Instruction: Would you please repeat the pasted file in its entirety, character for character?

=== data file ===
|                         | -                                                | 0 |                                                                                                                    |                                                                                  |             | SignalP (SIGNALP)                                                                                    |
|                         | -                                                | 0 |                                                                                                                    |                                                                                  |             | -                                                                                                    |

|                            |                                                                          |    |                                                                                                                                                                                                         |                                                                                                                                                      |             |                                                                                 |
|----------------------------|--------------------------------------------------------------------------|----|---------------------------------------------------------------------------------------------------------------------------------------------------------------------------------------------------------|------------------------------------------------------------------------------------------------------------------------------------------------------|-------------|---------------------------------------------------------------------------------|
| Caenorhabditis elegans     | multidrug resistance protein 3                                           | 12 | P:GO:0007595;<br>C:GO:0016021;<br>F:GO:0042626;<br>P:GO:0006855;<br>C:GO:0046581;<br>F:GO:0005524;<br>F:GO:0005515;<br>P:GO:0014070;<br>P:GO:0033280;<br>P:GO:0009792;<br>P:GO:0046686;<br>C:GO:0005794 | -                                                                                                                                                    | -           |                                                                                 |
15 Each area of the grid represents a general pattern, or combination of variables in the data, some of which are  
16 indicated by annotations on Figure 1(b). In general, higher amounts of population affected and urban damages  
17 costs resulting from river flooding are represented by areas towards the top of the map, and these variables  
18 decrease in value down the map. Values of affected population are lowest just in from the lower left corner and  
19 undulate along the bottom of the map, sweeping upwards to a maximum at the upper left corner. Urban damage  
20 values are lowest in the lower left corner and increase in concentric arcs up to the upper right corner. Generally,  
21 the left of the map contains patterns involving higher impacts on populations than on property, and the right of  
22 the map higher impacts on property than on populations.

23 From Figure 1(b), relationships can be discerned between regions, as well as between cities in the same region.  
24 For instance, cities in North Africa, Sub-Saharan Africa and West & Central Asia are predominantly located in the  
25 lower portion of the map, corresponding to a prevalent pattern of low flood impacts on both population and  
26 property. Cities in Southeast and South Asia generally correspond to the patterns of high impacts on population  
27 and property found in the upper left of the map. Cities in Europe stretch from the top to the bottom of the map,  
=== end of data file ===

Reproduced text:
|                         | -                                                | 0 |                                                                                                                    |                                                                                  |             | SignalP (SIGNALP)                                                                                    |
|                         | -                                                | 0 |                                                                                                                    |                                                                                  |             | -                                                                                                    |

|                            |                                                                          |    |                                                                                                                                                                                                         |                                                                                                                                                      |             |                                                                                 |
|----------------------------|--------------------------------------------------------------------------|----|---------------------------------------------------------------------------------------------------------------------------------------------------------------------------------------------------------|------------------------------------------------------------------------------------------------------------------------------------------------------|-------------|---------------------------------------------------------------------------------|
| Caenorhabditis elegans     | multidrug resistance protein 3                                           | 12 | P:GO:0007595;<br>C:GO:0016021;<br>F:GO:0042626;<br>P:GO:0006855;<br>C:GO:0046581;<br>F:GO:0005524;<br>F:GO:0005515;<br>P:GO:0014070;<br>P:GO:0033280;<br>P:GO:0009792;<br>P:GO:0046686;<br>C:GO:0005794 | -                                                                                                                                                    | -           |                                                                                 |
15 Each area of the grid represents a general pattern, or combination of variables in the data, some of which are  
16 indicated by annotations on Figure 1(b). In general, higher amounts of population affected and urban damages  
17 costs resulting from river flooding are represented by areas towards the top of the map, and these variables  
18 decrease in value down the map. Values of affected population are lowest just in from the lower left corner and  
19 undulate along the bottom of the map, sweeping upwards to a maximum at the upper left corner. Urban damage  
20 values are lowest in the lower left corner and increase in concentric arcs up to the upper right corner. Generally,  
21 the left of the map contains patterns involving higher impacts on populations than on property, and the right of  
22 the map higher impacts on property than on populations.

23 From Figure 1(b), relationships can be discerned between regions, as well as between cities in the same region.  
24 For instance, cities in North Africa, Sub-Saharan Africa and West & Central Asia are predominantly located in the  
25 lower portion of the map, corresponding to a prevalent pattern of low flood impacts on both population and  
26 property. Cities in Southeast and South Asia generally correspond to the patterns of high impacts on population  
27 and property found in the upper left of the map. Cities in Europe stretch from the top to the bottom of the map,  